- Liberal arts
The term liberal arts refers to a particular type of educational
curriculumbroadly defined as a classical education.
Definitionanchors|Seven liberal arts|The seven liberal arts
The term 'liberal arts' is a college or curriculum aimed at imparting general knowledge and developing intellectual capacities, in contrast to a
professional, vocational, or technical curriculum. In classical antiquity, the term designated the education proper to a freeman ( Latin: "liber", "free") as opposed to a slave. Martianus Capella(5th century AD) defines the seven Liberal Arts as grammar, dialectic, rhetoric and geometry, arithmetic, astronomy, music. In the medieval Western university, the seven liberal arts were:
* the "Trivium"
grammar rhetoric logic
* the "Quadrivium"
geometry arithmetic music astronomy
collegesand universities, the liberal arts include the study of art, literature, languages, philosophy, history, mathematics, and science. [cite web | first = | last = | title = Liberal Arts: Encyclopedia Britannica Concise| publisher = Encyclopedia Britannica| date = | url= http://concise.britannica.com/ebc/article-9370154/liberal-arts]
Expansion to include visual arts
Renaissancea considerable propaganda campaign was mounted to support the promotion to the number of liberal arts of architecture, paintingand sculpture, though not necessarily for their inclusion in the educational curriculum in the same way. Previously they had been classified among the mechanical or manual arts. Among those writing to support their inclusion were Leon Battista Alberti, Leonardo da Vinci, Giorgio Vasariand many others. At least in Italy, and among Renaissance humanists, the battle was largely won by about 1500, [Blunt, Anthony, "Artistic Theory in Italy, 1450-1660",p. 49, 1940 (refs to 1985 edn), OUP, ISBN0198810504] though in remoter regions like Spain and England the process took up to another century.
Liberal arts colleges
Liberal arts colleges are institutions which place a particular emphasis upon undergraduatestudy in the liberal arts. Generally, a full-time, four-year course of study at a liberal arts college leads students to a Bachelor of Artsor Bachelor of Sciencedegree. Liberal arts colleges have traditionally emphasized interactive instructionFact|date=May 2008 (although research is still a component of these institutions) and are usually residential.Fact|date=May 2008 They typically have a smaller enrollment, class size, and higher teacher-to-student ratios than universities. These colleges also encourage a high level of teacher-student interaction at the center of which are classes taught by full-time faculty rather than graduate student teaching assistants (who teach some classes at Research I and other universities).Fact|date=June 2008 Although the genesis for what is known today as the liberal arts college began in Europe, [cite web | first =Philip | last =Harriman | title = Antecedents of the Liberal Arts College| publisher = "The Journal of Higher Education," Vol. 6, No. 2 (1935), pp. 63-71 | date =1935 | url= http://www.jstor.org/view/00221546/di962074/96p0148k/0] the term is commonly associated with liberal arts colleges in the United States. Liberal arts colleges are found in countries all over the world as wellFact|date=August 2008.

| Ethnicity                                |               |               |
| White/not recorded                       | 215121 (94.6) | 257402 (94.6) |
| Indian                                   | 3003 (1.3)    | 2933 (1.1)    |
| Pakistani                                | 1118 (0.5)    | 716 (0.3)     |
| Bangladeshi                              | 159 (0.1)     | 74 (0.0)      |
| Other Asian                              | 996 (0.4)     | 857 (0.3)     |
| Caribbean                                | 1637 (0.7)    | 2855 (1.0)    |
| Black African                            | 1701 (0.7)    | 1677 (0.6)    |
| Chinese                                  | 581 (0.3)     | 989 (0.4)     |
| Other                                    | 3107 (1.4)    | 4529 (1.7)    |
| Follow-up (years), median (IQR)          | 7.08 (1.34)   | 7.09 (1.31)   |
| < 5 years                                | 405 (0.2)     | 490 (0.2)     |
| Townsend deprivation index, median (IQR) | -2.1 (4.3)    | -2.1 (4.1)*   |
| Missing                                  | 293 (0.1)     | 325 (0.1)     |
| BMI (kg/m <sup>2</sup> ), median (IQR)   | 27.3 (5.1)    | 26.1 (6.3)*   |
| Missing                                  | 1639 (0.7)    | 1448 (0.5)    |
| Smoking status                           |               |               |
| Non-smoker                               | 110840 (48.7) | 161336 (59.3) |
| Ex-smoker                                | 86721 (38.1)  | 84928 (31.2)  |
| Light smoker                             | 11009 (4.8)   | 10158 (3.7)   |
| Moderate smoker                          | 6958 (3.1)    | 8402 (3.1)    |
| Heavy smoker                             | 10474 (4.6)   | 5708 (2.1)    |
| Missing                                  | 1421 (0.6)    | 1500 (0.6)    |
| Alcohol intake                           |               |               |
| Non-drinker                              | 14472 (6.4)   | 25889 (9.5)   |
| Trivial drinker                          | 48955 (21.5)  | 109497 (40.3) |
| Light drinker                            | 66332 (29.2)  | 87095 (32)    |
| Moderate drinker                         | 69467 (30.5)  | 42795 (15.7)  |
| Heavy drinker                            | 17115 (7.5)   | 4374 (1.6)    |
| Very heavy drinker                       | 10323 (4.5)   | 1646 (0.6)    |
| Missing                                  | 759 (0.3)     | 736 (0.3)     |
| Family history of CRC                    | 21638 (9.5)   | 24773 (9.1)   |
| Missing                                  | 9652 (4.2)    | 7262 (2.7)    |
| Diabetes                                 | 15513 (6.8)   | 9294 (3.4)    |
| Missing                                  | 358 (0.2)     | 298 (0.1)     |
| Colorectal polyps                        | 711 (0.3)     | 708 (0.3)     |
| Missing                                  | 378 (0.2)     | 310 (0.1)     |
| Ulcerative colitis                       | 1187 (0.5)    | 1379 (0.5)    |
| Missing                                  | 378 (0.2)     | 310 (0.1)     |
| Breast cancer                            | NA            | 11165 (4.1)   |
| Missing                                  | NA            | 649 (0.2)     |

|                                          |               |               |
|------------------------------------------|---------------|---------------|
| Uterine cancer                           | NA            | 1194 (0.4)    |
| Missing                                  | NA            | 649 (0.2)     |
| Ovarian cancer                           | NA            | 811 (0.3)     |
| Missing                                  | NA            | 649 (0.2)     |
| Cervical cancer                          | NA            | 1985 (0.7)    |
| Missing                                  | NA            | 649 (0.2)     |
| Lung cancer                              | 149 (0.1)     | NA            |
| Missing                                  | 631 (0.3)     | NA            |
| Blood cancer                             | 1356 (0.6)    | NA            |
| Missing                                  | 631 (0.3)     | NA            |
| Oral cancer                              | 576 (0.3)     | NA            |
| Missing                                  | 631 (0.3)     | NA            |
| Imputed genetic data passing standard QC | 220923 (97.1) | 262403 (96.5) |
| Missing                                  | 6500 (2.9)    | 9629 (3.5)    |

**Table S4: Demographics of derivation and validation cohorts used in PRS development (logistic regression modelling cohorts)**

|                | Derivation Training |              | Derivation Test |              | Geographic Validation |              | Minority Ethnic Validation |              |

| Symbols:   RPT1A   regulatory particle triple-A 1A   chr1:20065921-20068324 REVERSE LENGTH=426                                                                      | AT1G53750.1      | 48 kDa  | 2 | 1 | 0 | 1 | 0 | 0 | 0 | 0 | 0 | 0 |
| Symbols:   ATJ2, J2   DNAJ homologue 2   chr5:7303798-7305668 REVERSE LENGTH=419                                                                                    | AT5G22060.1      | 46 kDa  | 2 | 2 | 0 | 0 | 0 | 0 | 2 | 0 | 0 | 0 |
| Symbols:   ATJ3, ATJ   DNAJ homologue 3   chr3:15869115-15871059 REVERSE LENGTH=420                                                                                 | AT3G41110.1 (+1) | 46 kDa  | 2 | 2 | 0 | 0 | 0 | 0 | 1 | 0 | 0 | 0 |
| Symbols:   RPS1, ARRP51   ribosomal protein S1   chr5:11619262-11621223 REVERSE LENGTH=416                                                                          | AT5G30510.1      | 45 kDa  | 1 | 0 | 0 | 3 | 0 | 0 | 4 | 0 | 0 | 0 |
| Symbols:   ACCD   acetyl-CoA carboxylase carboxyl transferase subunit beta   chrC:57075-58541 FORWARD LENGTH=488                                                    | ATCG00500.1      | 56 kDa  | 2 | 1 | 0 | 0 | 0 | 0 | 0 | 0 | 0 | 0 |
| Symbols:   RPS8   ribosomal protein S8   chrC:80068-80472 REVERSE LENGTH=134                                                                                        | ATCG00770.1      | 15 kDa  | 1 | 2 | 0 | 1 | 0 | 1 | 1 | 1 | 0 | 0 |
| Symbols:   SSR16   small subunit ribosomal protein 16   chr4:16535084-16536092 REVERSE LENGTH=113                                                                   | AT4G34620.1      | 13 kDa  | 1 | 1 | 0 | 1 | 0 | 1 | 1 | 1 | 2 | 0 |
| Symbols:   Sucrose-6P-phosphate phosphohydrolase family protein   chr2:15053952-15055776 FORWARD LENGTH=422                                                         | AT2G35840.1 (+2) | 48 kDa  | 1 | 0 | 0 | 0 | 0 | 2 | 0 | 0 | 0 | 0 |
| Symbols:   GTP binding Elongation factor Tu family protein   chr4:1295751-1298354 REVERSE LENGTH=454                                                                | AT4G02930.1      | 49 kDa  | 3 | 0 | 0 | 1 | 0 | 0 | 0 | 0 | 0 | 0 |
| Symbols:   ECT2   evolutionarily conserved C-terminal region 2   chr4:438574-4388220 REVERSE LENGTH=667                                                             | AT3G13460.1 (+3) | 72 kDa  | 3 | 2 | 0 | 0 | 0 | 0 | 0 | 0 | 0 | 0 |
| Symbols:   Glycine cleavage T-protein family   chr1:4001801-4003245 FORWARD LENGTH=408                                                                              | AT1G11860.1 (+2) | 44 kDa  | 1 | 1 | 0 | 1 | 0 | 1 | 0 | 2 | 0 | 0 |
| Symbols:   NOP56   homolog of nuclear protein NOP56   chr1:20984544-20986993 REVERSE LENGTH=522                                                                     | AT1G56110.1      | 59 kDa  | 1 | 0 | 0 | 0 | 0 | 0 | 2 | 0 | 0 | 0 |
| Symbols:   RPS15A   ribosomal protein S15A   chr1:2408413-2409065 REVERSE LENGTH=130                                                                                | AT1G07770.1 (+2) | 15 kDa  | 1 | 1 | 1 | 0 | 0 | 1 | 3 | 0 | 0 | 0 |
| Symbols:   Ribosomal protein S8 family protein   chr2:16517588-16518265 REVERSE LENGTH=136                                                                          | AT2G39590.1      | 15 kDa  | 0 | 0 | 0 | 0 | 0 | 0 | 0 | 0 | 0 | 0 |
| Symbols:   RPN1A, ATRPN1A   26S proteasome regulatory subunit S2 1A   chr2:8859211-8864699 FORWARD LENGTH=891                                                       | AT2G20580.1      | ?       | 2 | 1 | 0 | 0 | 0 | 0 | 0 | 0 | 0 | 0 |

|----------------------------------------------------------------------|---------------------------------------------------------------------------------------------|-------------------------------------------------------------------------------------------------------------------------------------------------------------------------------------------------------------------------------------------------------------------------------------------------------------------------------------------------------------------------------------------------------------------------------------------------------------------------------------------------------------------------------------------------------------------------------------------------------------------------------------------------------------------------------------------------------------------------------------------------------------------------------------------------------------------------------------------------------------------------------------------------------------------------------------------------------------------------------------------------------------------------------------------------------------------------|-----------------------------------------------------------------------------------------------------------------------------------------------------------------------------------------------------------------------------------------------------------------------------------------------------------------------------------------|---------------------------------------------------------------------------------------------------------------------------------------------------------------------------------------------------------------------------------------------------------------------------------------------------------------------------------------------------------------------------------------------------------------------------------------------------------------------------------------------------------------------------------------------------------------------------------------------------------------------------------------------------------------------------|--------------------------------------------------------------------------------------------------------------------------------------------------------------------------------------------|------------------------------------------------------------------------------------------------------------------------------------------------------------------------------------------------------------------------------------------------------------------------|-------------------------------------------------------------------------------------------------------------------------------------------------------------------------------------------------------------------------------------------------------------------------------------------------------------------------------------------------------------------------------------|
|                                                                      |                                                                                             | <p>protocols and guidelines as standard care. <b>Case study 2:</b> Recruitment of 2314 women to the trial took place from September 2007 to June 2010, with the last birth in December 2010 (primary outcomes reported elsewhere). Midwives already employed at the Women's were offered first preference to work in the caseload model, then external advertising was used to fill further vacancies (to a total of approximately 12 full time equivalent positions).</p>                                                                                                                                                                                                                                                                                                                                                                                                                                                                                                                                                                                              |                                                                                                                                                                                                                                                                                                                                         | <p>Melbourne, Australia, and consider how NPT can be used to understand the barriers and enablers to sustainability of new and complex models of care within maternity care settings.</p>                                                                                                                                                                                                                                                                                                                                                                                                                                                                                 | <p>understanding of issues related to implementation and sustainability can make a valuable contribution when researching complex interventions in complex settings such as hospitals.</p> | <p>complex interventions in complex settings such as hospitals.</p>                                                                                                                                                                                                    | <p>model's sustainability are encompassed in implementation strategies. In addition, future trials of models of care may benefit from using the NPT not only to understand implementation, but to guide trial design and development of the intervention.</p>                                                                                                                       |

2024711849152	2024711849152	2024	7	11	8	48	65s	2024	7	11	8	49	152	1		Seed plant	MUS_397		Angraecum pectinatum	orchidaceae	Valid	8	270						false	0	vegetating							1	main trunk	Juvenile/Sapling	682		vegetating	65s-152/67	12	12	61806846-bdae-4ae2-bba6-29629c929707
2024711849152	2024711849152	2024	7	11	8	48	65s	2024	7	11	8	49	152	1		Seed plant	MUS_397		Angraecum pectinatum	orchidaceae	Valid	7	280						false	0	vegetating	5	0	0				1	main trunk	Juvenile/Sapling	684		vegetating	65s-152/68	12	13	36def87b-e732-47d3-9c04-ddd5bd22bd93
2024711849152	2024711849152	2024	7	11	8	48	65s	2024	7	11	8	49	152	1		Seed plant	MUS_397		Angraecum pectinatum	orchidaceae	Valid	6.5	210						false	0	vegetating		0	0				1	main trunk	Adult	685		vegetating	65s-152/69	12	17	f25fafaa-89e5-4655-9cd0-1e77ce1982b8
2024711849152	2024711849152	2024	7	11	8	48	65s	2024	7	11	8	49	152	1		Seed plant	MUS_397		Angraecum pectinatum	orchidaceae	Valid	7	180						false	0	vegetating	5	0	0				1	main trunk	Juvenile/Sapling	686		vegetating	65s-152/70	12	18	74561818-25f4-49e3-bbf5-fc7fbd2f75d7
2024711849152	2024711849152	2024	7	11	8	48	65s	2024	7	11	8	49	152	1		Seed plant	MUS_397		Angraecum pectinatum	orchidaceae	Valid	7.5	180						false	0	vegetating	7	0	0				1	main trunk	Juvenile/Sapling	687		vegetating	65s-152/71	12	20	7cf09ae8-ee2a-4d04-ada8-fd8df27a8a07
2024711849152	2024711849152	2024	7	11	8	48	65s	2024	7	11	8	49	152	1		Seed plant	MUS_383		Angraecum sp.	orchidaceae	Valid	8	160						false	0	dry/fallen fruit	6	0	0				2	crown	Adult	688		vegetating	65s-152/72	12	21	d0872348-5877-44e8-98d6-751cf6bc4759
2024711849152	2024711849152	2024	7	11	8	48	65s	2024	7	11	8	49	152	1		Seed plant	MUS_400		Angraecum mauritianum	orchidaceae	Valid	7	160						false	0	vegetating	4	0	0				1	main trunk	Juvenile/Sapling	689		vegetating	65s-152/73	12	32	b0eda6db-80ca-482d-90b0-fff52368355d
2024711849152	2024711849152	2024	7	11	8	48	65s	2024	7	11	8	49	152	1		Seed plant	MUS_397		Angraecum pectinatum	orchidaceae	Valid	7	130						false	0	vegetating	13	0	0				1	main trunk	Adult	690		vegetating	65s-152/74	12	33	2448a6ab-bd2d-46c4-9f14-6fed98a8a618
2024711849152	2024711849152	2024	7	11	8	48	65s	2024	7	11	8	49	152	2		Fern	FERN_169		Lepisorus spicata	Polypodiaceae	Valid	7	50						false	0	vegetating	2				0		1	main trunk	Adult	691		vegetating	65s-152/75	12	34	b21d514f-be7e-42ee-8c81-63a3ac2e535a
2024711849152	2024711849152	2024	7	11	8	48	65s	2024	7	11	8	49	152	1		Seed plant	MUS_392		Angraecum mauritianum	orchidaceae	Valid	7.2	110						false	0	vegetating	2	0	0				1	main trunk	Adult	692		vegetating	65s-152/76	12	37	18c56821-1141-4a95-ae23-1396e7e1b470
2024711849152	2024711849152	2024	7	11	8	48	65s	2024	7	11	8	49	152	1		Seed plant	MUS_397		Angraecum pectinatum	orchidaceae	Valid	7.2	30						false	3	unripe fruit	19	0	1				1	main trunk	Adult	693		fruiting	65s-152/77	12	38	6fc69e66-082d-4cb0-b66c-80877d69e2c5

Following completion of their undergraduate studies at liberal arts colleges, students may continue on to graduate study in other institutions, such as
professional schools (for instance, in business, law, medicine, or theology) or graduate schools.
* Blaich, Charles, Anne Bost, Ed Chan, and Richard Lynch. "Defining Liberal Arts Education". Center of Inquiry in the Liberal Arts, 2004.
* Blanshard, Brand. "The Uses of a Liberal Education: And Other Talks to Students". (Open Court, 1973. ISBN 0-8126-9429-5)
* Friedlander, Jack. "Measuring the Benefits of Liberal Arts Education in Washington's Community Colleges". Los Angeles: Center for the Study of Community Colleges, 1982a. (ED 217 918)
* Joseph, Sister Miriam. "The Trivium: The Liberal Arts of Logic, Grammar, and Rhetoric". Paul Dry Books Inc, 2002.
* Pfnister, Allen O. " [http://www.jstor.org/view/00221546/di962488/96p0027o/0 The Role of the Liberal Arts College] ." "The Journal of Higher Education." Vol. 55, No. 2 (March/April 1984): 145-170.
* Reeves, Floyd W. " [http://www.jstor.org/view/00221546/di962034/96p0137g/0 The Liberal-Arts College] ." "The Journal of Higher Education." Vol. 1, No. 7 (1930): 373-380.
* Seidel, George. " [http://www.jstor.org/view/00221546/di962375/96p0021i/0 Saving the Small College] ." "The Journal of Higher Education." Vol. 39, No. 6 (1968): 339-342.
* Winterer, Caroline."The Culture of Classicism: Ancient Greece and Rome in American Intellectual Life, 1780-1910." Baltimore: Johns Hopkins University Press, 2002.
* Wriston, Henry M. "The Nature of a Liberal College". Lawrence University Press, 1937.
* T. Kaori Kitao, William R. Kenan, Jr."The Usefulness Of Uselessness" [http://www.honors.ucr.edu/files/SUHP2006/usefulness.pdf] Keynote Address, The 1999 Institute for the Academic Advancement of Youth's Odyssey at Swarthmore College, 27 March 1999
Bachelor of Liberal Studies
Bachelor of Liberal Arts
Bachelor of General Studies
Bachelor of Arts
* [http://www.ditext.com/libed/libed.html Philosophy of Liberal Education]
* [http://www.ericdigests.org/1992-1/liberal.htm Liberal Arts at the Community College]
* [http://www.ericdigests.org/pre-926/liberal.htm A Descriptive Analysis of the Community College Liberal Arts Curriculum]
* [http://liberalarts.wabash.edu/ The Center of Inquiry in the Liberal Arts]
* [http://www.academiccommons.org Academic Commons]
* [http://www.catholicity.com/encyclopedia/l/liberal_arts,seven.html CatholiCity: Catholic Encyclopedia]
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